Start with no shims. Take slack to zero. Count turn of tool it takes to tighten down. It it goes beyond 1 full turn, add shims and repeat. 1/2 to 3/4 turn to tight beyond zero is the amount of lifter preload your after.

Again; i may have been backward up there somewhere. But youll figure it out easy with the stuff right in front of you there.
 

STI_MECE

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One other question, is it possible that the intake and exhaust have different base cam circle radi? I was able to snug the exhaust rocker down but not the intake.

Just want to know if it's okay for them to be different
 

John Dirks Jr

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They can be different. Not usual but not unheard of. Other wear and tolerance in the part combination can make it different on any valve, in any engine. So check all 16 and adjust accordingly.

On my 302, one cylinder needed a different thickness shims than the other 7. I double and triple checked, that’s how it was.
 

STI_MECE

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Keeping this here to read later. Last post on thread is helpful....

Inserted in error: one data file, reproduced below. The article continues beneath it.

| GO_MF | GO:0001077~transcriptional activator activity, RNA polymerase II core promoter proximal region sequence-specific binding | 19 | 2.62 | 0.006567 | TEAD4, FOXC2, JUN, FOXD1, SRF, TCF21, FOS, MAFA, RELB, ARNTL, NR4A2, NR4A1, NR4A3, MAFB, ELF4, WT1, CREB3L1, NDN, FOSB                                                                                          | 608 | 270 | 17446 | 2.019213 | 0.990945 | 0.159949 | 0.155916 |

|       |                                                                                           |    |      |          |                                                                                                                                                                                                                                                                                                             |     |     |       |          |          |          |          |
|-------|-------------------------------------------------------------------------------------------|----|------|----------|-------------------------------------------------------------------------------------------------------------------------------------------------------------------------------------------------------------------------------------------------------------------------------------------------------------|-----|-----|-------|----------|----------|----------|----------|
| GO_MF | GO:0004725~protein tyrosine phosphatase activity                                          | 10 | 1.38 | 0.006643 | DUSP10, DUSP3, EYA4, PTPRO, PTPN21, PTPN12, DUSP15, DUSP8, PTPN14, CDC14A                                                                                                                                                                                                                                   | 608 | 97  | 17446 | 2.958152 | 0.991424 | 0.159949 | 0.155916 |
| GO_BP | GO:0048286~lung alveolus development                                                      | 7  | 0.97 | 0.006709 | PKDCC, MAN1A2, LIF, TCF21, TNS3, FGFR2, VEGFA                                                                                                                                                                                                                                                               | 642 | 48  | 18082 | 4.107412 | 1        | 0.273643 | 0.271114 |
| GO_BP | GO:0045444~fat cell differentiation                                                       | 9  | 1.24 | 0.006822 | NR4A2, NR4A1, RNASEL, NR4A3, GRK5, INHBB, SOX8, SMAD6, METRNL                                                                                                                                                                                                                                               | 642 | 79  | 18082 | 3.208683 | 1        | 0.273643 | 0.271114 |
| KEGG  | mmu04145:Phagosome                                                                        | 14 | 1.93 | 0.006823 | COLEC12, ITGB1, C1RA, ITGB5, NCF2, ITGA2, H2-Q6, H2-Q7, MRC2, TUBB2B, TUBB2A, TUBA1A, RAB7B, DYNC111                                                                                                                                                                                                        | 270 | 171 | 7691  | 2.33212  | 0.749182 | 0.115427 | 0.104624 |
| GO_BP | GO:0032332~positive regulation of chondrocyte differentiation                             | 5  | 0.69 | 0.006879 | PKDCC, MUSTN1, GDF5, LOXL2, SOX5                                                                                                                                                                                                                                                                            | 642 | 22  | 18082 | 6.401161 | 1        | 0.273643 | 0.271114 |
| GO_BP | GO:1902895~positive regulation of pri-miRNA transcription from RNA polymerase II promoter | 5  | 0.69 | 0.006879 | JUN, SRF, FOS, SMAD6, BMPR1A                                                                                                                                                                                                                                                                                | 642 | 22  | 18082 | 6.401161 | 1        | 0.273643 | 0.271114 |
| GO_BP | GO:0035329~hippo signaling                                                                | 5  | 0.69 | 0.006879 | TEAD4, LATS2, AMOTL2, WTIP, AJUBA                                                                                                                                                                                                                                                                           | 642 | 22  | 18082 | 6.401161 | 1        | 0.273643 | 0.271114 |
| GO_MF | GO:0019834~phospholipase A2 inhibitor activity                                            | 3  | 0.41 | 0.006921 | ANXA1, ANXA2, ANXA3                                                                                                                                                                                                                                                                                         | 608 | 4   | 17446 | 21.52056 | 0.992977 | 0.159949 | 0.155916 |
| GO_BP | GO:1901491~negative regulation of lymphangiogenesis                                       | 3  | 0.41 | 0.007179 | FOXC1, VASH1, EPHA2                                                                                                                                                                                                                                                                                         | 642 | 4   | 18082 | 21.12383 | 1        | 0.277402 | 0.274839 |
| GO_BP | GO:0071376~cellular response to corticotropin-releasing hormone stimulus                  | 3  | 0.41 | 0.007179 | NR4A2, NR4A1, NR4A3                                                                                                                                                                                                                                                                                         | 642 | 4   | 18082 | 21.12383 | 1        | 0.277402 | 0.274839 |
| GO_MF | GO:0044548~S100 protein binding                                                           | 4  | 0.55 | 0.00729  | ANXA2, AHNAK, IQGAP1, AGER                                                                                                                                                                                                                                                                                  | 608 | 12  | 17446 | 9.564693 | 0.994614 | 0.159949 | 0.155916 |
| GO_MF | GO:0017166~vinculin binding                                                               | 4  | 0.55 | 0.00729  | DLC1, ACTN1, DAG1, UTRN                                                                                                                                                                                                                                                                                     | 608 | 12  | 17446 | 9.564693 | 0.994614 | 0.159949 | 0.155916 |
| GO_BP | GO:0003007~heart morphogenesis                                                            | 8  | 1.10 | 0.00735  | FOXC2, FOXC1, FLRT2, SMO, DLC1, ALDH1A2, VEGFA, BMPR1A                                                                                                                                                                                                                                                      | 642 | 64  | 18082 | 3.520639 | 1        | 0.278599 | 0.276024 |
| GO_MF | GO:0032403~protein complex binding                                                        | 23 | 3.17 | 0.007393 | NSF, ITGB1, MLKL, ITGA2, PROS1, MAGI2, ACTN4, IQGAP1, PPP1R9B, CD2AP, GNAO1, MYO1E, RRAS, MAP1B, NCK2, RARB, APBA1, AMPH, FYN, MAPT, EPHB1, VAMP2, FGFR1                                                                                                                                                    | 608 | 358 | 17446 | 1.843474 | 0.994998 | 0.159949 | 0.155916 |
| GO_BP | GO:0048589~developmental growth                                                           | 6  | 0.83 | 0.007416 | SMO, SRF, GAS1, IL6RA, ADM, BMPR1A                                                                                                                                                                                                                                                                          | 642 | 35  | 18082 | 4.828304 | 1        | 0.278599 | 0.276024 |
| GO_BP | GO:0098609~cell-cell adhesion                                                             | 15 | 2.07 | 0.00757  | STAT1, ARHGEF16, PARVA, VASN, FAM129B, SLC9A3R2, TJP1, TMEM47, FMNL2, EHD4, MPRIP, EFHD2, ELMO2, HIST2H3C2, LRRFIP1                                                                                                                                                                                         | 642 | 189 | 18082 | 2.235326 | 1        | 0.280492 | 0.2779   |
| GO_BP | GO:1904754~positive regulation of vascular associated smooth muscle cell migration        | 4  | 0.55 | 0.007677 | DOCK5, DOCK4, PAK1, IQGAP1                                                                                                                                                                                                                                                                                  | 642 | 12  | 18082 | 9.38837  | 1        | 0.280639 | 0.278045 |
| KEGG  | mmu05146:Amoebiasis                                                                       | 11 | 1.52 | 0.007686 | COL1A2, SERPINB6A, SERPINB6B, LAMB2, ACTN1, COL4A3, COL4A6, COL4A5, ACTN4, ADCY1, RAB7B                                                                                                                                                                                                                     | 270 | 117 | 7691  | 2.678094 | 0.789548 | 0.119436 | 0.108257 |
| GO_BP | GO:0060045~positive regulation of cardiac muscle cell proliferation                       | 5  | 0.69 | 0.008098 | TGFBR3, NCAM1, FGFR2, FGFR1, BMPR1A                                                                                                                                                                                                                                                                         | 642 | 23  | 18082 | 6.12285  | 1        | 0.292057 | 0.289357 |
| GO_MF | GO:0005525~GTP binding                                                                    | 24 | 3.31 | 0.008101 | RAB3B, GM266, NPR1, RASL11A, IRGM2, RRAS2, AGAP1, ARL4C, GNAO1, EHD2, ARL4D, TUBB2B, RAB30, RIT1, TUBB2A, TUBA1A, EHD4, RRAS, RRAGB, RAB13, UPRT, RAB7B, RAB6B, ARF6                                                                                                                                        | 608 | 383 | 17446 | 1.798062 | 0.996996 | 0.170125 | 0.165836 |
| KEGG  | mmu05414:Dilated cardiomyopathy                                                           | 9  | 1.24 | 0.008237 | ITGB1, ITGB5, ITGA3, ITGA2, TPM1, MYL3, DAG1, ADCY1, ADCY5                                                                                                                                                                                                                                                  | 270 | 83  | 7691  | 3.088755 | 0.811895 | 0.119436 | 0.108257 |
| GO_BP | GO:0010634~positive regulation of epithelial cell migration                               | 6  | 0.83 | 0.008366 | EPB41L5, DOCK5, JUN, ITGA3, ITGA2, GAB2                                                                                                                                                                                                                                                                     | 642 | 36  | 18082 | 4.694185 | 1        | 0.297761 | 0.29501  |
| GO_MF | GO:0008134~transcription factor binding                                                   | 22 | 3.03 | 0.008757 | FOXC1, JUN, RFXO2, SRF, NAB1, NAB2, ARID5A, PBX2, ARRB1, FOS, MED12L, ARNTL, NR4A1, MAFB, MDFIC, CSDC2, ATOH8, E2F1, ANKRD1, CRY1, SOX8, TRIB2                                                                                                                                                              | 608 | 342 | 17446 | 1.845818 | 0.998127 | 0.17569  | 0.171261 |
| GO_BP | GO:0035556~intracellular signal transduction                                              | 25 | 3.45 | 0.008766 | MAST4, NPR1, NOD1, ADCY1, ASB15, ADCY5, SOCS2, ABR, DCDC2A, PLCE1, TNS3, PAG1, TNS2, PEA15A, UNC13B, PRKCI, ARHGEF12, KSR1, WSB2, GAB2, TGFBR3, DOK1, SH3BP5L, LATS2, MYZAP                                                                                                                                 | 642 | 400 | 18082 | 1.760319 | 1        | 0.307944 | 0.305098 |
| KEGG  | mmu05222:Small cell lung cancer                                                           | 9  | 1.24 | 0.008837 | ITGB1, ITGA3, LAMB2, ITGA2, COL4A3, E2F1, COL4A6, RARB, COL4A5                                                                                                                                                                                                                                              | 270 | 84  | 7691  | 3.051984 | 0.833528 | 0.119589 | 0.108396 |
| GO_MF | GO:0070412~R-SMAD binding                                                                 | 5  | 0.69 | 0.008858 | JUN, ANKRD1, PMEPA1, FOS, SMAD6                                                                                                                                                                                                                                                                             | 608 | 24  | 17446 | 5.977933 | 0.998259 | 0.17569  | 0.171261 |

STI_MECE

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anddddd i completely forgot to mention this but the heads had a new intake valve but they reused the exhaust valve. i hope they were competent enough to swap it out with a valve stem of the same length....
 

STI_MECE

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Couldn't fix rotation of image....so the first picture is intake cylinder 1, second is exhaust. I measured the silver pedestal thing and they are the same thing. I KNOW I have the bolt going through the rocker correctly on both. The intake has 3/4inch sticking out, the exhaust has 5/8inch.

I'm lost now lol I'm not sure shims can make up that much difference lol
 

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STI_MECE

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Soo I was taking off the rockers because I noticed some of them were put in upside down....and then I noticed the silver pedestal thing on cylinder 4 exhaust has one crack on each side....

So now what lol
 

John Dirks Jr

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Obviously check all parts for wear and damage and replace as necessary. I had assumed you had already done that. Did these parts go to the machine shop with the heads? If so I would think they would have at least gave them a quick visual for concerns.